Oliver Stone and the Marilyn Conspiracy

Liz Smith shares an intriguing rumour about yet another Marilyn-related movie project in her column today.

“I have heard that Oliver Stone (The Doors, JFK) is finally interested in Monroe as a subject. Or at least in what supposedly went on around the star. He would probably concentrate on her final frantic years – choice material for the director who has such a flair for the dark and lurid.

This is just ‘talk’ at the moment. There’s many a slip twixt the lip and the overdosed blonde with her hand on the telephone. And two Monroe films are in pre-production now.

But if and when … don’t be surprised if Lindsay Lohan is in on it. Lohan is a great fan of the late MM, and Oliver Stone is a great admirer of Miss Lohan; he thinks she is a serious actress who just needs her one ‘breakout’ adult role. (First she needs to stay in rehab for a long time!)

We’ll see how it goes. I know I’d be fascinated to see how Oliver Stone would handle Marilyn, no matter who played her.”

‘My Great-Aunt, Eunice Murray’

Marilyn at the Fox lot on her 36th birthday with Henry Weinstein, Murray (Photo by George Barris)

“Aunt Eunice and Dr. Greenson eventually became friends, and as time went by, he became very impressed by her stable character. For this reason, when the need later arose, Dr. Greenson, and some of his colleagues, hired her as a ‘support worker’ for some of their high-profile clients. She became the stable ‘friend’ that most of them did not have.”

An intriguing article about Marilyn’s last housekeeper, Eunice Murray, at Galveston Music Scene

Gaga for Marilyn

This month’s Vanity Fair interview with singer Lady Gaga took place close to one of Marilyn Monroe’s old haunts….

“Bungalow 9, the Beverly Hills Hotel…the pink stucco bungalow stands between No. 10 – where Marilyn Monroe had a torrid affair in 1960 with her ‘Let’s Make Love’ co-star Yves Montand – and No. 8, home at one time to Elizabeth Taylor and Richard Burton.”

Photo by Bruce Davidson, Beverly Hills Hotel, 1960

During the interview, Gaga referenced MM while discussing her controversial ‘Paparazzi’ video of 2009.

“And while my fascination with celebrity has almost left the building, I had this incredible fascination with how people love watching celebrities fall apart, or when celebrities die; I wanted to know, what did they look like when they died? Marilyn Monroe, Princess Diana, JonBenet Ramsey…I think about all those dead girls, all those dead blonde icons. What did they look like when they died? So then I thought, well maybe if I show what I look like when I die, people won’t wonder. Maybe that’s what I want people to think I’ll look like when I die.”

Marilyn’s 2010 Memorial at Westwood

Photo by Scott Fortner

Speakers at this year’s service, organised by Marilyn Remembered Fan Club:

  • John Gilmore, author of Inside Marilyn Monroe
  • Noreen Siegel, wife of Dr Lee Siegel, Marilyn’s longtime physician at Twentieth Century Fox
  • Marion Collier, ‘Olga’ from Sweet Sue’s Band in Some Like It Hot
  • Audrey Franklin, Ella Fitzgerald’s promoter (Marilyn arranged for Ella to perform at LA’s Mocambo Club in 1954)
  • Stanley Rubin, producer of River of No Return
  • Lois Banner, Professor of History and Gender Studies at USC, currently working on two books about Marilyn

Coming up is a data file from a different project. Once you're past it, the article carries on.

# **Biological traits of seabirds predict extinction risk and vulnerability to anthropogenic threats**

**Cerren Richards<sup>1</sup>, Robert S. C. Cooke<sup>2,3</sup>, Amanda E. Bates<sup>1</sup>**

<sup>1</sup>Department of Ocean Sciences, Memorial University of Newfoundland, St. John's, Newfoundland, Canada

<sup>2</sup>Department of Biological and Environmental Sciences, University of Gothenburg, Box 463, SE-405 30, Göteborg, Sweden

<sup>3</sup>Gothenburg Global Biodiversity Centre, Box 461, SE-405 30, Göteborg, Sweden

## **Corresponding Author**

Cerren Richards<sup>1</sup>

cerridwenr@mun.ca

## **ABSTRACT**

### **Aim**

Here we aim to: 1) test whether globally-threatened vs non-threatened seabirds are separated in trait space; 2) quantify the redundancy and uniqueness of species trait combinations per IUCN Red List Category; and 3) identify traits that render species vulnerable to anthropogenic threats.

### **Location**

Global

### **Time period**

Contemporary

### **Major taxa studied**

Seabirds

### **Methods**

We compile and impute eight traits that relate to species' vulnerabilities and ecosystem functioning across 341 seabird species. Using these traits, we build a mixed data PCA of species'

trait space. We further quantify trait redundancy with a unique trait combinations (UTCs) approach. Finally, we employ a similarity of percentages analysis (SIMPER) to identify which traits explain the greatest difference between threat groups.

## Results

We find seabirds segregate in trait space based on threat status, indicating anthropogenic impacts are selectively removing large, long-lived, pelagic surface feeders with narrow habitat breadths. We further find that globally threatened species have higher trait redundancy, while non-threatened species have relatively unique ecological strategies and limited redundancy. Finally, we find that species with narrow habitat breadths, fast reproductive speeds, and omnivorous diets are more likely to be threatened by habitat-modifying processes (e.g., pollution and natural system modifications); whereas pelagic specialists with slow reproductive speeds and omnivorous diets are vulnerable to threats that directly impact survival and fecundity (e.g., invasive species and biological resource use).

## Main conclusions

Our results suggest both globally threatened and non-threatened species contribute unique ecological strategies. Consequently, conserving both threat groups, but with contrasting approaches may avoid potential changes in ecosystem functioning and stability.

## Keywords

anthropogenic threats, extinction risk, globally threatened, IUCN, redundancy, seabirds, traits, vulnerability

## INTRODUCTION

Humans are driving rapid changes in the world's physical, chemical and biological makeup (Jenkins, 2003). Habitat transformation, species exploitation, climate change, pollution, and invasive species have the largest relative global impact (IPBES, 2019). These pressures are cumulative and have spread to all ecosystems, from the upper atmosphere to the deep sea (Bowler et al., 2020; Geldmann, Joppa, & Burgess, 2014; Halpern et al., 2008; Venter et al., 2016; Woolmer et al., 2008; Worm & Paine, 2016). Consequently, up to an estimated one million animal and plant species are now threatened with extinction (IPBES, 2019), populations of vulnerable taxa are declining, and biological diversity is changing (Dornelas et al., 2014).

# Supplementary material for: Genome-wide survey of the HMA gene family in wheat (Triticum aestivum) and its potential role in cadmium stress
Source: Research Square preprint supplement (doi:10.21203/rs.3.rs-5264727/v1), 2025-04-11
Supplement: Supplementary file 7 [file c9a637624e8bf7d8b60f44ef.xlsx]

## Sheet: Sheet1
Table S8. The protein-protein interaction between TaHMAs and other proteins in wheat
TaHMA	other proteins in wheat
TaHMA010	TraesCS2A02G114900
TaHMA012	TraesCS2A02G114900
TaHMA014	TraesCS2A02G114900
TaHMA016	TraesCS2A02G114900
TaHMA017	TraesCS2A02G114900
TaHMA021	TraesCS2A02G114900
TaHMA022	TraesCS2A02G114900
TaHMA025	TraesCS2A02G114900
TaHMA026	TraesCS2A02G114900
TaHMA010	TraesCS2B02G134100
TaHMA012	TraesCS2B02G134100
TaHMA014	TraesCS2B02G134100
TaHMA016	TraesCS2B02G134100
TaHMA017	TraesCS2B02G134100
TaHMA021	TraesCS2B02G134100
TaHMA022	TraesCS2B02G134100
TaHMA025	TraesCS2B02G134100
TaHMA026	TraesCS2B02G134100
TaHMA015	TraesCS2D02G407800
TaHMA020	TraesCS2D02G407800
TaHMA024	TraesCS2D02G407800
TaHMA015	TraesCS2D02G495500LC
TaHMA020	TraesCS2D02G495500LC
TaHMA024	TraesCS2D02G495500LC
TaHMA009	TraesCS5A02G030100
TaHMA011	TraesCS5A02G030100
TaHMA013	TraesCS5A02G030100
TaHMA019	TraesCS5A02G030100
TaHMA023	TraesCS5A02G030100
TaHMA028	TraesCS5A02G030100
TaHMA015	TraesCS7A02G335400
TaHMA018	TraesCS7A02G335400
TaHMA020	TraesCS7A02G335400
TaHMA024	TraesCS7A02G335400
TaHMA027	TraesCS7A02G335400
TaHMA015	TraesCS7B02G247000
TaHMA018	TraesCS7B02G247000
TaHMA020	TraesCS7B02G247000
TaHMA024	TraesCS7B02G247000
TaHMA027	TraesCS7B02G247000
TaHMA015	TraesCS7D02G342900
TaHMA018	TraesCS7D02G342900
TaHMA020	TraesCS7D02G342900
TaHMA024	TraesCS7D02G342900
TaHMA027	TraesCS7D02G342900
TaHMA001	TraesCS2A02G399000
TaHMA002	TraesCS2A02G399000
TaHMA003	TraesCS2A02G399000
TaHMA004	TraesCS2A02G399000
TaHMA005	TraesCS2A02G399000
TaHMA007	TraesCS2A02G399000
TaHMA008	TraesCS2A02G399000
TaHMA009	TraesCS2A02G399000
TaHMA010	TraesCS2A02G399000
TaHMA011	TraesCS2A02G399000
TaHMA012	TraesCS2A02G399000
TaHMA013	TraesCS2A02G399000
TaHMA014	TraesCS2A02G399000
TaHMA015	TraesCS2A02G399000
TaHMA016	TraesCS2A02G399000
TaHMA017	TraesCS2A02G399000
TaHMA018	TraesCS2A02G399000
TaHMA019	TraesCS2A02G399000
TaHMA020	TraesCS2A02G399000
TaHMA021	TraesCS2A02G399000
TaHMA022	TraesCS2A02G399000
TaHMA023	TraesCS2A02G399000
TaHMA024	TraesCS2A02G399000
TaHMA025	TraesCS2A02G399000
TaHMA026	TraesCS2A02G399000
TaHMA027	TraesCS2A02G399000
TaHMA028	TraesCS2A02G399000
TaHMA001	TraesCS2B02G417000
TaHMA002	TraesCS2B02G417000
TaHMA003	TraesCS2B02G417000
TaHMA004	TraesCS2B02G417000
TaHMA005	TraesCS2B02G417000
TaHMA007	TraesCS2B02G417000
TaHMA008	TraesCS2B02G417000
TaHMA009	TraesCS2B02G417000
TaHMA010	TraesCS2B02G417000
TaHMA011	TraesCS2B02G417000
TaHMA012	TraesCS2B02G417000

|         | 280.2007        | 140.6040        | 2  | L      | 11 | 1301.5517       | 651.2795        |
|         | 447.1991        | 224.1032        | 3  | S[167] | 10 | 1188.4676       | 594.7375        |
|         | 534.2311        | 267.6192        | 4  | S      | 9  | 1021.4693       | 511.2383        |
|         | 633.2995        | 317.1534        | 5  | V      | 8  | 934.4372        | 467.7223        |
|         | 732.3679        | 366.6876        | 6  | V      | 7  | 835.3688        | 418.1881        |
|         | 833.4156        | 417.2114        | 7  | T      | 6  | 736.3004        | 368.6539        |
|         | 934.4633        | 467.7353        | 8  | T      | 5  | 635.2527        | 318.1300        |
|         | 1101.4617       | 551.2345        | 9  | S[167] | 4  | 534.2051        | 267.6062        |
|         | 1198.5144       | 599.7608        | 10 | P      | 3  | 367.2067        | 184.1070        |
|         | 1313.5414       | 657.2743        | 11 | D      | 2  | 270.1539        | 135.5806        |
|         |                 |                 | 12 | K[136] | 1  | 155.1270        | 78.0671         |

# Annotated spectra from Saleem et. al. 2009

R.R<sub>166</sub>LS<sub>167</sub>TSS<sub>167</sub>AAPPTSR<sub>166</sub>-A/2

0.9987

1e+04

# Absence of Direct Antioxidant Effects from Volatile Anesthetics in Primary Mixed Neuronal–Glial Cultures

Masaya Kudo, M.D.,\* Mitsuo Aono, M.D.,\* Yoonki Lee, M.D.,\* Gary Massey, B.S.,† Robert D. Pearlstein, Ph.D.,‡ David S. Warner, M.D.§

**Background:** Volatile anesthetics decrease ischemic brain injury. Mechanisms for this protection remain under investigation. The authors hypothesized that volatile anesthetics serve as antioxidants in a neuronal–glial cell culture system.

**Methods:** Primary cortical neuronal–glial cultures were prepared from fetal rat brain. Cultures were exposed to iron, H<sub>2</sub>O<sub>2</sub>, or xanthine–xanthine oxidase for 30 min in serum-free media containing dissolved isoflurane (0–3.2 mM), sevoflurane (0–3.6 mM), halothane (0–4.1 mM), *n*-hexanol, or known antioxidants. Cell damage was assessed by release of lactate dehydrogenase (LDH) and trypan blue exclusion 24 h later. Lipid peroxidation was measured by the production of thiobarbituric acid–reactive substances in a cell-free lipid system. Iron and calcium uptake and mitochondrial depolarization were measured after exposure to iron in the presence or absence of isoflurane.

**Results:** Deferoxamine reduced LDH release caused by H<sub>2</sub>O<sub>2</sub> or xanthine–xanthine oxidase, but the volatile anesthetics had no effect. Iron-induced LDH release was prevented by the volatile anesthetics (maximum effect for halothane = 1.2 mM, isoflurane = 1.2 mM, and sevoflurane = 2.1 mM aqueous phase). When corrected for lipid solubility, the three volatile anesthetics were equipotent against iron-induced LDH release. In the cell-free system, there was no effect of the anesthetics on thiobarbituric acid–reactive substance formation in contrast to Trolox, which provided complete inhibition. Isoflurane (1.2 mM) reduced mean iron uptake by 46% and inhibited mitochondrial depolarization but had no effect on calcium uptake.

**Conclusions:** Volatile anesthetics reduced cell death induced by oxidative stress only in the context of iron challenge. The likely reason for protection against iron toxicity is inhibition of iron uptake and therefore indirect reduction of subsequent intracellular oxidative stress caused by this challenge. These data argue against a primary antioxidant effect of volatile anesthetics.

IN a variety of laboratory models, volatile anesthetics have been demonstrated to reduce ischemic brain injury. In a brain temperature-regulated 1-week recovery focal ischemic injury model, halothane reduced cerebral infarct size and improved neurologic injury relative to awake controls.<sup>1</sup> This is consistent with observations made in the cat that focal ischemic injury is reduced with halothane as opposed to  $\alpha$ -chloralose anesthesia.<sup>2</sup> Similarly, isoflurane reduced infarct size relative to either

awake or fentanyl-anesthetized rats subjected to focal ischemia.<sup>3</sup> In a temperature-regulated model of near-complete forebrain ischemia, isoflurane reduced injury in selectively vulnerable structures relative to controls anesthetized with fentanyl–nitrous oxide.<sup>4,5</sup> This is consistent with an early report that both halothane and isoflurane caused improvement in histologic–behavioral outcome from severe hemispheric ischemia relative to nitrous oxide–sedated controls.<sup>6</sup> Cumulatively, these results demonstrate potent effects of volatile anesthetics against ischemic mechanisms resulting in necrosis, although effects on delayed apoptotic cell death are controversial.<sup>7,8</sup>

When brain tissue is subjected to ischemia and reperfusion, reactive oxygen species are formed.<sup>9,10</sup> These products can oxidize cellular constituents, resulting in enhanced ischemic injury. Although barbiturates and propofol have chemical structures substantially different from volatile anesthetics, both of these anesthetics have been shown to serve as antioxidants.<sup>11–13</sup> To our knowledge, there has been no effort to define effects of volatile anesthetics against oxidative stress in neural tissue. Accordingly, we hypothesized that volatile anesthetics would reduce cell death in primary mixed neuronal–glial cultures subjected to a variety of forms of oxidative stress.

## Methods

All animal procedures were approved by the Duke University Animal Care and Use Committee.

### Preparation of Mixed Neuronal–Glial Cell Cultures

• Diana Levitt, whose father, F. Hugh Herbert, directed Marilyn’s first movie, Scudda Hoo! Scudda Hay! in 1947. Diana also took acting classes with Marilyn

For a personal account of the service by ‘misskelleen’, join the 1962 community at LiveJournal


Thoughts on a Sad Anniversary

Bert Stern, 1962

“The star born Norma Jean Mortensen suffered an almost Dickensian childhood of hardship, which culminated in an arranged marriage to a neighbour’s son when she was just 16. But on the silver screen Norma Jean created a glittering, carefree and carnal image that made her Hollywood’s most enduring sex symbol. It is that sensuously hedonistic yet innocent image fans still fall head over heels in love with.” – John Costello, Irish Independent

“She brought out a protective impulse in people. And, in my opinion, that is part of her movie magic. She was not a sassy sex symbol who ‘owned’ her sexuality. She did not seem calculating about it. There was always the wide-eyed innocence there, in spite of the body made for lovin’ – and that somehow engendered a protective response in audiences … male AND female – so she was one of those very rare movie creatures: a sex symbol whom men loved and desired, but also whom women respected and looked up to … and I think it had something to do with that fragmented innocence peering out of her radiant face. She seemed unaware of the responses she brought up in men, and she never seemed out for sex – the Marilyn Monroe persona was all about finding love. Her gifts as an actress and comedienne are obvious – but her appeal is still rather complicated, which, I suppose, is why people still obsess over her, and talk about her, and pick her apart.” Sheila O’Malley

Buddy Greco on the ‘Last Weekend’

Marilyn with Buddy Greco and Frank Sinatra at the Cal-Neva Lodge, July 1962

Singer Buddy Greco has spoken to the UK’s Daily Mail about meeting Marilyn Monroe at Frank Sinatra’s Cal-Neva Lodge on Lake Tahoe, just a week before her death.

This so-called ‘last weekend’ (actually, Marilyn died on the following weekend) remains one of the most controversial aspects of Marilyn’s days, and Greco’s memories are bittersweet:

“Buddy Greco recalls of her demeanour later that weekend: ‘She was fragile, very fragile  –  well, she’d gone.’ Many blamed the Kennedys.

Of course, she could still shine when she wanted to. But by now her gloss was too often just a thin veneer.

Despite her depression, she initially appeared in good shape when she arrived at Cal-Neva, after flying there on Sinatra’s private plane.

‘When she arrived that Saturday, you’d never believe that she had a care in the world,’ recalls Buddy Greco. ‘I was sitting with Frank [Sinatra], Peter Lawford and a bunch of other people, outside Frank’s bungalow, when a limousine pulls up and this gorgeous woman in dark glasses steps out,’ he says.

‘She’s dressed all in green  –  everything green: coat, skirt and scarf. Before I realised who it was, I thought: “My God, what a beautiful woman. No taste in clothes, but what a beautiful woman!”

‘I knew that she’d been to my concerts and shows. She was a regular at the Crescendo club in Hollywood where I often played.

‘We’d said hello a few times, but were never properly introduced. When Frank introduced us, I said: “You won’t remember me, but I was the piano player when you auditioned for the Benny Goodman band in 1948.”

‘She got emotional at that and hugged me. She had such warmth  –  and I was moved. Somebody took some wonderful shots of that moment, of us hugging.’